# A Covariance matrix for transformed variables

1. Sep 30, 2016

### Staff: Mentor

This sounds like a common application, but I didn't find a discussion of it.

Simple case:
I have 30 experimental values, and I have the full covariance matrix for the measurements (they are correlated). I am now interested in the sum of the first 5 measured values, the sum of the following 5 measured values, and so on. In total I want 6 values and their covariance matrix. The diagonal entries of the covariance matrix are easy - just sum the corresponding 5x5 blocks along the diagonal of the original covariance matrix. Do I get the other entries also as sum of the corresponding 5x5 blocks? I would expect so but a confirmation would be nice.

General case:
More generally, if my transformed variables are a weighted sum of the original variables (weights are not negative), how do I get the off-diagonal elements of the covariance matrix? As long as two transformed variables do not share a common measured value, I can scale everything in the covariance matrix to get back to the previous case. But what if they do? I was playing around with rotation matrices (going to a basis of transformed variables plus some dummy variables) but somehow it didn't work, and constructing 30x30 rotation matrices is ugly.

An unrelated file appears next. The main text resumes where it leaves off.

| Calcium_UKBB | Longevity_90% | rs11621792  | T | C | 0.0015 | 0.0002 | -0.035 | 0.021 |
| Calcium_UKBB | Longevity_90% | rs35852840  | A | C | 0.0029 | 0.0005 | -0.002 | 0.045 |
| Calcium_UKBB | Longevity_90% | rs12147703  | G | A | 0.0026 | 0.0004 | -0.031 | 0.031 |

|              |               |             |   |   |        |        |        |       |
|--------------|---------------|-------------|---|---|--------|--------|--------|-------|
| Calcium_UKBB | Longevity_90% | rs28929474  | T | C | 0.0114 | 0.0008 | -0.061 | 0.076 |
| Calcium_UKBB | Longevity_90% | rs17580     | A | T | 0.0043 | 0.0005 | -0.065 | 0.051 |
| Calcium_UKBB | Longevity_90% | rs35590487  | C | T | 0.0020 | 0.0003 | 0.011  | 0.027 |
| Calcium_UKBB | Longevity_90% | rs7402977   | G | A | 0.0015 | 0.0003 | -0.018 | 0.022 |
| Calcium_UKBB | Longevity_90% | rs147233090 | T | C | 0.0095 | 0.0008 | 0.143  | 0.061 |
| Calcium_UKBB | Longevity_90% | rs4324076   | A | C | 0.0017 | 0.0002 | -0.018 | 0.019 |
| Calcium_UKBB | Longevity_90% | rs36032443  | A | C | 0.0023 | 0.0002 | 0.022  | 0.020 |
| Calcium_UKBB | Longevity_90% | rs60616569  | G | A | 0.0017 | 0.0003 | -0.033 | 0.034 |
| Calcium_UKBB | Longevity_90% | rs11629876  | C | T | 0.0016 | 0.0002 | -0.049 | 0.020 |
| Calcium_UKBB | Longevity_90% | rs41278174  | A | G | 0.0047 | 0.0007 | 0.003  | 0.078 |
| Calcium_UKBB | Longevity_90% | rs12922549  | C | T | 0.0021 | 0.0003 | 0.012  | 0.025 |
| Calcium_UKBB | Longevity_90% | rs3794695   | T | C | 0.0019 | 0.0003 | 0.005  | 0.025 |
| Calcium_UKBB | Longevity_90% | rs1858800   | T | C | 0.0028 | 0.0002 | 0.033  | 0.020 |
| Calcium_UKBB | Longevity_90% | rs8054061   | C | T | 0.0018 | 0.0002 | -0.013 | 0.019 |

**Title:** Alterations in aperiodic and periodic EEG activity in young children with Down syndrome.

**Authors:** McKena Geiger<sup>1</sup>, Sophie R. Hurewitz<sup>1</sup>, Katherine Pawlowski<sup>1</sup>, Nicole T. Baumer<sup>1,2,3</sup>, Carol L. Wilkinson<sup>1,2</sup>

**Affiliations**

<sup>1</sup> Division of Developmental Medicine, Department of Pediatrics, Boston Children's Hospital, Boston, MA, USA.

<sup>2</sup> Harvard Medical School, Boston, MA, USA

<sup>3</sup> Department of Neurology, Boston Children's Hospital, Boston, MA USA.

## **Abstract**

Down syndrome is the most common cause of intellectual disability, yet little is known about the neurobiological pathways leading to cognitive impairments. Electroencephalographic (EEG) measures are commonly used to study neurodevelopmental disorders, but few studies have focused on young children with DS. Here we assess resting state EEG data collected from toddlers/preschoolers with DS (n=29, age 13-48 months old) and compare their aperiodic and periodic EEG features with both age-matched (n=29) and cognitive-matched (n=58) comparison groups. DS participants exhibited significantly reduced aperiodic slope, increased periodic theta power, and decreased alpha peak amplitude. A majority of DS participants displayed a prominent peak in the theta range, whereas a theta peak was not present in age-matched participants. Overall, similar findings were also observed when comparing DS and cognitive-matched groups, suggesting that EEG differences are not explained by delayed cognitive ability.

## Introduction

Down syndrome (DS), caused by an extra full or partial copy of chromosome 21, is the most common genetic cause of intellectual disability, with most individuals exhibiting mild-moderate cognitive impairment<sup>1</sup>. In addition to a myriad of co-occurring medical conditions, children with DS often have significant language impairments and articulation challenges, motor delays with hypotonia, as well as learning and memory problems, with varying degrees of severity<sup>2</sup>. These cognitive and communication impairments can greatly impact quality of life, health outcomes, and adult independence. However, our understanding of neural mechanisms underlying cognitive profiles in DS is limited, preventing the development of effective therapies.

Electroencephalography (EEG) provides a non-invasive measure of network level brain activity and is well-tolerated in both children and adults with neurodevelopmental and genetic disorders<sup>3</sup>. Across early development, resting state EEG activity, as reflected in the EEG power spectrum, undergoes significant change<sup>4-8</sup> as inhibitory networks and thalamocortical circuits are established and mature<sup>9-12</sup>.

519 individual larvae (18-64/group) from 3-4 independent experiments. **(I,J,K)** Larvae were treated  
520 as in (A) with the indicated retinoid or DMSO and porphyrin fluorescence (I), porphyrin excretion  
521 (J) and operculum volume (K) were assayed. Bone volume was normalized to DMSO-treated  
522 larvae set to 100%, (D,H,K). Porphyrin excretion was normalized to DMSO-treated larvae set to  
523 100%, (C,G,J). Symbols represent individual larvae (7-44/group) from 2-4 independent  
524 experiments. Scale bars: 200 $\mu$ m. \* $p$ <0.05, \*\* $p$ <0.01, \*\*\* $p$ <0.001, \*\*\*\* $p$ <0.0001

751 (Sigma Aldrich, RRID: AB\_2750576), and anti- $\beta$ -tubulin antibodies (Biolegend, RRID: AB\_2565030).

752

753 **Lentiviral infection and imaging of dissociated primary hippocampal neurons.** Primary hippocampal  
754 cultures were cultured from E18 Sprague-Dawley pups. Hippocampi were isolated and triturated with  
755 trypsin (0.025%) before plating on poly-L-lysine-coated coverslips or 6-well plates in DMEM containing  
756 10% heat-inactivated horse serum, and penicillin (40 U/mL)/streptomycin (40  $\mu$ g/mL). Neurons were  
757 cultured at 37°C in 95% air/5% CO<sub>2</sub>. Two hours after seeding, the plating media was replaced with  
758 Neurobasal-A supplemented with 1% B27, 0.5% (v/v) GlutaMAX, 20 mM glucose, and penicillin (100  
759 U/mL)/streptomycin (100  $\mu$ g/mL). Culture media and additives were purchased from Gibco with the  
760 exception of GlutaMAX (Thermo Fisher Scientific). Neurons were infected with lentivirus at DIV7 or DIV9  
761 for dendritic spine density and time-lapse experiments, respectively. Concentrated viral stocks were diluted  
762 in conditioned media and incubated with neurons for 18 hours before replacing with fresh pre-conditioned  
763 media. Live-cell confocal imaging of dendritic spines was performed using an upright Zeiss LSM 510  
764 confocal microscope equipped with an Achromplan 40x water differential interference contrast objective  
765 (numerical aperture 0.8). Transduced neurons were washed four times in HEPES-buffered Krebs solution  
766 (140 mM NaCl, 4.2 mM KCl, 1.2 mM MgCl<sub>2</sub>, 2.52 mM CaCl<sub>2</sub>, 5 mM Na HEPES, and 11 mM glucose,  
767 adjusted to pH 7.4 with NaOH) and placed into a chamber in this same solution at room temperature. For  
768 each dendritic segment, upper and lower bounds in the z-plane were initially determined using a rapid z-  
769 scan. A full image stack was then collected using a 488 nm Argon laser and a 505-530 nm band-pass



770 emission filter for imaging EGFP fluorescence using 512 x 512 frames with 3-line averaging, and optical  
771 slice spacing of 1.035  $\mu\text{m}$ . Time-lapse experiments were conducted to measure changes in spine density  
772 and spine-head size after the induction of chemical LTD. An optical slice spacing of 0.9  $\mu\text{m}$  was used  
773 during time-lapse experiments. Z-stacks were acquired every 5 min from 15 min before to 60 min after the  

2. Sep 30, 2016

### Staff: Mentor

I haven't read it, simply relied on the source. However, it looks helpful. (If I understood you correctly and the main problem here is the diagonalization).

May I ask you whether you try to create a risk minimal DAX portfolio made out of five paper subportfolios? If so, then there is vast literature on the issue. E.g. I've found a dissertation Risk proportion and Eigen-Risk-Portfolio.

Edit: And https://en.wikipedia.org/wiki/Principal_component_analysis provides a lot of information and links, including software tools.

3. Sep 30, 2016

### Staff: Mentor

I know about principal component analysis but that is not what I want to do. I could diagonalize the covariance matrix that way, but then I still have to produce a new covariance matrix for the target variables, which is yet another transformation that is very similar to the original problem, and I don't know how stable the principal component analysis would be.

The application is in physics.

4. Oct 2, 2016

### Staff: Mentor

I had a look at another special case interesting to me. Let Xi be the measured variables and Yi be the transformed variables. The original covariance matrix is C, the new one is D.

Let Y1 = X1+X2 and Y2=X2. Then $D_{11} = C_{11}+ C_{12}+ C_{21}+ C_{22}$ and $D_{22}=C_{22}$ and $D_{12}=D_{21}=C_{11}$.
I don't find a transformation that would produce this result.

5. Oct 2, 2016

### Stephen Tashi

Perhaps I don't understand the question, but if you have the full covariance matrix, can't you find everything you need from properties like $COV(X_1+X_2,X_3) = COV(X_1,X_3) + COV(X_2,X_3)$ and $COV(\alpha X_1,X_3) = \alpha COV(X_1,X_3)$ ?

Or are we asking for how the consequences of those properties are implemented with block matrix manipulations ?

6. Oct 3, 2016

### Staff: Mentor

You are right, that is sufficient to cover all those cases. Thanks.

A nice transformation could simplify the practical side, but computers are good at adding tons of stuff anyway.